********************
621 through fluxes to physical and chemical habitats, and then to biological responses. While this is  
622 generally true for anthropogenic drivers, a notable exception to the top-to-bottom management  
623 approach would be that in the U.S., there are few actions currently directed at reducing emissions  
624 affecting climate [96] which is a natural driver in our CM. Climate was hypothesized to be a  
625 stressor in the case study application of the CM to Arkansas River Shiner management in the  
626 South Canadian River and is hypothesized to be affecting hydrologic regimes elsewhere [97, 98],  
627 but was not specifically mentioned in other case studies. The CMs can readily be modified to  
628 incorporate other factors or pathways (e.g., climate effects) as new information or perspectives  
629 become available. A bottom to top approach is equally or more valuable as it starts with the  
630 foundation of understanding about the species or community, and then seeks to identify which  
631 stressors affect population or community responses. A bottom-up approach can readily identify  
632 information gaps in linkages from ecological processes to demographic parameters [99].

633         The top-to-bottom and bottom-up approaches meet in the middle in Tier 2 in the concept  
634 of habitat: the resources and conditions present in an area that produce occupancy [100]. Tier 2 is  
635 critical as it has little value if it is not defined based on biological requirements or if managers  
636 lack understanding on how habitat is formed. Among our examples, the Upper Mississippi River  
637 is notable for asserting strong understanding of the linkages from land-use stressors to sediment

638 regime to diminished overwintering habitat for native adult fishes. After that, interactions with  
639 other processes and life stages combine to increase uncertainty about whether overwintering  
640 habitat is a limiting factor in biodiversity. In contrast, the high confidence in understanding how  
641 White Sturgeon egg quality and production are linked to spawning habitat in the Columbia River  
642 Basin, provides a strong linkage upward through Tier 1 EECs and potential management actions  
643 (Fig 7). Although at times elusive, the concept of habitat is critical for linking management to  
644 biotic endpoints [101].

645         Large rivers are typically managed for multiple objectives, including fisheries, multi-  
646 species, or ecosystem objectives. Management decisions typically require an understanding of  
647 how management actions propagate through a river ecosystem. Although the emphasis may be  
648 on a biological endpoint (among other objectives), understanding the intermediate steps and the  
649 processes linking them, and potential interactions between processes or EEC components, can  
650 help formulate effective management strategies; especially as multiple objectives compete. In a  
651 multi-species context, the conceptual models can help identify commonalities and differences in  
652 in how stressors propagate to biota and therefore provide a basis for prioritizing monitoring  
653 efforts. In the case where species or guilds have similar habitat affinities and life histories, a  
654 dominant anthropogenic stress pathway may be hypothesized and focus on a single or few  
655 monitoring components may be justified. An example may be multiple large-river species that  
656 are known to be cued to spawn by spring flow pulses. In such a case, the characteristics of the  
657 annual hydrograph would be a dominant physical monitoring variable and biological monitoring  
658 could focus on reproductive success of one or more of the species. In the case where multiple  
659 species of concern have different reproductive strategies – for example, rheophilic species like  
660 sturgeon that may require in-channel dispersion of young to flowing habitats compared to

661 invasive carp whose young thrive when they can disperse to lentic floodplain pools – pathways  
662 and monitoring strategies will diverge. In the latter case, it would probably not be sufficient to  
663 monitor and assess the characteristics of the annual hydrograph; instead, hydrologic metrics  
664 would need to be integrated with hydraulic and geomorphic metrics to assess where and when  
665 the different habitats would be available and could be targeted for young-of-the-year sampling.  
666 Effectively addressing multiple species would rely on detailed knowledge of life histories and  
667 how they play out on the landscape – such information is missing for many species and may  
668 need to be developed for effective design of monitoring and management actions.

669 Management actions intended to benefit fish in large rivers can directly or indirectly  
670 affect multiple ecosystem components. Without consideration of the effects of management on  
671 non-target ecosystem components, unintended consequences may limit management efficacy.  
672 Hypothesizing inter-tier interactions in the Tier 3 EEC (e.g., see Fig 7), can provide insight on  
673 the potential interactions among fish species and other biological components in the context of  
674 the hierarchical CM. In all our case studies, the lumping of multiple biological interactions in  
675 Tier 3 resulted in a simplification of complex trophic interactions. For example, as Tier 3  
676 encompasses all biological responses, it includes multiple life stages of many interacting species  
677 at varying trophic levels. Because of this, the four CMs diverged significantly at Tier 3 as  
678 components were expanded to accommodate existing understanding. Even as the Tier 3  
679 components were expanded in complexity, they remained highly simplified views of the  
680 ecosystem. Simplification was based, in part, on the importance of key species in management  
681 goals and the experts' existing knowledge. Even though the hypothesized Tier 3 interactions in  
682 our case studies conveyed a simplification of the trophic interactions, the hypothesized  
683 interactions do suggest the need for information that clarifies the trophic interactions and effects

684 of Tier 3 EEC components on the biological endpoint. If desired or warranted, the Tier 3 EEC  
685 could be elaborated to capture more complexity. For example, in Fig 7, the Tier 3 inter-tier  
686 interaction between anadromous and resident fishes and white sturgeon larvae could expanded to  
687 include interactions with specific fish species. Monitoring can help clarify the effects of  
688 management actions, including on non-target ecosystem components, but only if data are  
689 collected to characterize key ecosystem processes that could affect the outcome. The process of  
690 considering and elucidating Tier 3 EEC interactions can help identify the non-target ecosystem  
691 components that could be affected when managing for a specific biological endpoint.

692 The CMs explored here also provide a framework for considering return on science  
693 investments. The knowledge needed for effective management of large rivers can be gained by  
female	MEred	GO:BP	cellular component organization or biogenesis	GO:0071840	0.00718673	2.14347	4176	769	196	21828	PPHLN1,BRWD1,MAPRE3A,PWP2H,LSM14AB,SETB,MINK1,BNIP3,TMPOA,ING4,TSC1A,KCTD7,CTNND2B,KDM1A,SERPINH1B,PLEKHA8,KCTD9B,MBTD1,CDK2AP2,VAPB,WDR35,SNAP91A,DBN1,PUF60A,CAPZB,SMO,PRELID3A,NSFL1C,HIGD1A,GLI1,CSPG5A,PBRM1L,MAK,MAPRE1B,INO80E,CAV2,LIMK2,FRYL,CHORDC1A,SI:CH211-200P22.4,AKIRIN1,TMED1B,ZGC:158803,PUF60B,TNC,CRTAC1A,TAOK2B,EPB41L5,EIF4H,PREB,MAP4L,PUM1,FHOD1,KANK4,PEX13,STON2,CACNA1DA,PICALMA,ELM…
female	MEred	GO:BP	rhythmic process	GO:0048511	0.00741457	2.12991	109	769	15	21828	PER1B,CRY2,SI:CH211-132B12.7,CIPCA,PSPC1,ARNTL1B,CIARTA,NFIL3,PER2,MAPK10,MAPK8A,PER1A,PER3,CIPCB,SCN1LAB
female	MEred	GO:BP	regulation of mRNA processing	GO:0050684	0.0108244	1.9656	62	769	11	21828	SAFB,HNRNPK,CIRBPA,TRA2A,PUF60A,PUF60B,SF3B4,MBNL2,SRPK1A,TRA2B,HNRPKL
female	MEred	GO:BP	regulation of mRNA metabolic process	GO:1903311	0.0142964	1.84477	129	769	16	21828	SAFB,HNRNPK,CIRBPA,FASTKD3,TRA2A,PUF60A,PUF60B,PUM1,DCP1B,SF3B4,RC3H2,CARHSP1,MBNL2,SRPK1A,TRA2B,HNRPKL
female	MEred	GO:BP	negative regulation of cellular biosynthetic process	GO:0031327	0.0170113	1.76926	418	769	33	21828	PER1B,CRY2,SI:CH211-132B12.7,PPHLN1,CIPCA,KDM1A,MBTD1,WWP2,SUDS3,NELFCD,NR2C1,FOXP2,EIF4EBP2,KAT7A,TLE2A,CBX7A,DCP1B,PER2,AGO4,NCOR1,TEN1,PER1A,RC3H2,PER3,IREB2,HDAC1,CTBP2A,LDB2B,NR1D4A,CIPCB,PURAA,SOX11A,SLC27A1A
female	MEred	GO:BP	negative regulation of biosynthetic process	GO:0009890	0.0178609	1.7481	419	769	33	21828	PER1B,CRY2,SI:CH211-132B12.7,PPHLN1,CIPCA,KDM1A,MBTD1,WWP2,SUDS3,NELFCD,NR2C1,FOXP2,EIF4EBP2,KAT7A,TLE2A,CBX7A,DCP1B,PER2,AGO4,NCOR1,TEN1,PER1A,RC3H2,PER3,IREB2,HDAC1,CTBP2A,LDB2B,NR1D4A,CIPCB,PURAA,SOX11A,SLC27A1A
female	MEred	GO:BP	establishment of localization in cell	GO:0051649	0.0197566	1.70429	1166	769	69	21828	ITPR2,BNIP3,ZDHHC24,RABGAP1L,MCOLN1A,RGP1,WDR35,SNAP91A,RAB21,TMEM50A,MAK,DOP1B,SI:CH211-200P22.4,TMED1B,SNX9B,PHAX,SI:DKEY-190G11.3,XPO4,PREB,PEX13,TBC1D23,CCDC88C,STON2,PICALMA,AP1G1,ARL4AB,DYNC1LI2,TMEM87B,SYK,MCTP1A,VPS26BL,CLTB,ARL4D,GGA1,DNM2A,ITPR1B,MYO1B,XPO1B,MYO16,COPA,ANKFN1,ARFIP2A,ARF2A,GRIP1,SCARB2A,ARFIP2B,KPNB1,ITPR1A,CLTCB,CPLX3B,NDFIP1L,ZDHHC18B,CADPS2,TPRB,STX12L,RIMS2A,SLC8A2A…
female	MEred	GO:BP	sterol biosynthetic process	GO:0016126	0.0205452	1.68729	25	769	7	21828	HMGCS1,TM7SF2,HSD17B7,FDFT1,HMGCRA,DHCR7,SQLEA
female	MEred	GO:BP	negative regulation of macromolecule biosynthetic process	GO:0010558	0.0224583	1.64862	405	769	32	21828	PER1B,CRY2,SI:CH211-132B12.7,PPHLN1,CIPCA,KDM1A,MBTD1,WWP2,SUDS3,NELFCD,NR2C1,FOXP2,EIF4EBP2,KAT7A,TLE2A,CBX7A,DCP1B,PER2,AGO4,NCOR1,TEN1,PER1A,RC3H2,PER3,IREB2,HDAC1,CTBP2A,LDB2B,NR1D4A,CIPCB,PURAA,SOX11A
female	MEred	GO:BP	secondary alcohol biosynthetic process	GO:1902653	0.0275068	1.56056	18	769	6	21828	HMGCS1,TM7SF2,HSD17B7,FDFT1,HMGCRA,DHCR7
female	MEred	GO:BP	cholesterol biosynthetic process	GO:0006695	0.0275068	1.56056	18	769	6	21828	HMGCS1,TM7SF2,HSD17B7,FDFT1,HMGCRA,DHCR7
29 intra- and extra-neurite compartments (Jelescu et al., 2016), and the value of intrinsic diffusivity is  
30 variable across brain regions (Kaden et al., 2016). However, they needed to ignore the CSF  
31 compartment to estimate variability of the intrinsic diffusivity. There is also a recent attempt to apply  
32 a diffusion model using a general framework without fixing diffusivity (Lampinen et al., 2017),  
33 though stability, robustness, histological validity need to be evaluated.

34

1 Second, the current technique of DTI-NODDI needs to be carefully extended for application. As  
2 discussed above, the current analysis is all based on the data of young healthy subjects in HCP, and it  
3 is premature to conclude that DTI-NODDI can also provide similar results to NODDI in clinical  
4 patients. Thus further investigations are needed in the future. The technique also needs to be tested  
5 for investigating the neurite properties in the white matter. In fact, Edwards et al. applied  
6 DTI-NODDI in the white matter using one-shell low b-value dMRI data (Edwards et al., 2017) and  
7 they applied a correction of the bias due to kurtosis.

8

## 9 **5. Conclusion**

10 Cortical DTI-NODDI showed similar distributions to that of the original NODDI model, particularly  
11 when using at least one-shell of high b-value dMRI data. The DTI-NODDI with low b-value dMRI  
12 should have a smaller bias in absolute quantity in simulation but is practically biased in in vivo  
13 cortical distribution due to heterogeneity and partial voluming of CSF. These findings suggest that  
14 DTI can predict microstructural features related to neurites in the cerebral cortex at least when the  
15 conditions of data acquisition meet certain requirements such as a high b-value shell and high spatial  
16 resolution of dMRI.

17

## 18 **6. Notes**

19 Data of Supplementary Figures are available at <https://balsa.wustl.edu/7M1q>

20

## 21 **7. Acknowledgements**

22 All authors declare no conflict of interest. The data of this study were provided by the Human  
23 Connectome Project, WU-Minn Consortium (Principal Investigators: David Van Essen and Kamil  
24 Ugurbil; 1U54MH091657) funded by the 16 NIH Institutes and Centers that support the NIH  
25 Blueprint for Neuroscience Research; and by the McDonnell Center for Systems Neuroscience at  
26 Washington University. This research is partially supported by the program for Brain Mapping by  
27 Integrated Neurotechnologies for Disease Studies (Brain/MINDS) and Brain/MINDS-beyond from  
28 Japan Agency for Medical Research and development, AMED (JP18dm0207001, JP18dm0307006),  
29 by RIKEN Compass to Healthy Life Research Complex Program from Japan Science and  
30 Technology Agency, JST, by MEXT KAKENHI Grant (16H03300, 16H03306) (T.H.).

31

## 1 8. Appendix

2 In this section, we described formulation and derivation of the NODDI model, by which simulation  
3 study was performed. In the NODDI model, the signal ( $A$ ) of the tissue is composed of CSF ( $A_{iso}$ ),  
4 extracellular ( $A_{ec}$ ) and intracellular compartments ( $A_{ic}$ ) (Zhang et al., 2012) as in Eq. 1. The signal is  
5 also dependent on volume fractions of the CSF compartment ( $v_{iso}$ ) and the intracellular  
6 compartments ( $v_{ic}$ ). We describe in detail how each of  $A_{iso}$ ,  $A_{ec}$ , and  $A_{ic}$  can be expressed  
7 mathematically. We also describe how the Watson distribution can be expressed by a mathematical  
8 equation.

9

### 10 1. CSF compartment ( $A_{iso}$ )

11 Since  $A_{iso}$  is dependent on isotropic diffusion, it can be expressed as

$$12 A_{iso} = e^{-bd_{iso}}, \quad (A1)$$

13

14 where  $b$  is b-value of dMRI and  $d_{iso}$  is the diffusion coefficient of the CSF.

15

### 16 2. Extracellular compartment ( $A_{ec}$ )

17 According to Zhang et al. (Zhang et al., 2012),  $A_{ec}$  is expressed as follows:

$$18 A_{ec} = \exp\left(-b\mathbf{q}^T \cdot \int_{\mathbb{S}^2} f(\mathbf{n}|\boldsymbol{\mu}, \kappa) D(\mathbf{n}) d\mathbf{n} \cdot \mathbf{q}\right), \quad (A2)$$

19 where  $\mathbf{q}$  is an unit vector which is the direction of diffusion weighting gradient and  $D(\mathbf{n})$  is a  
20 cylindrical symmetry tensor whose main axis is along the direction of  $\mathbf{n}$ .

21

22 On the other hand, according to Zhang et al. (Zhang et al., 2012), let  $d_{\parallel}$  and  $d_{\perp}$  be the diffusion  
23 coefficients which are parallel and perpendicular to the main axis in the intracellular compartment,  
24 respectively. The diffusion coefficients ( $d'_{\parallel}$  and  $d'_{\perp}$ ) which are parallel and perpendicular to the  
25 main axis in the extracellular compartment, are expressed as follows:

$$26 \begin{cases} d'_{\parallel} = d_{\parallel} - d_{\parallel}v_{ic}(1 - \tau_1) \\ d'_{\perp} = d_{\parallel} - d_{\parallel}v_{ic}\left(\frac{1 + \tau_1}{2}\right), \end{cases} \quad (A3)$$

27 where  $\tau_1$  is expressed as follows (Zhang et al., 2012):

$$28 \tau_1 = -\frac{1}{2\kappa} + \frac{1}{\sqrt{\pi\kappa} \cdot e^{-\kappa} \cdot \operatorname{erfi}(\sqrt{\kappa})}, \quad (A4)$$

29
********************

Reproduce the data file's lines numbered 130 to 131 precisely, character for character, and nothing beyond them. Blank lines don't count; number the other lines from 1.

9

### 10 1. CSF compartment ( $A_{iso}$ )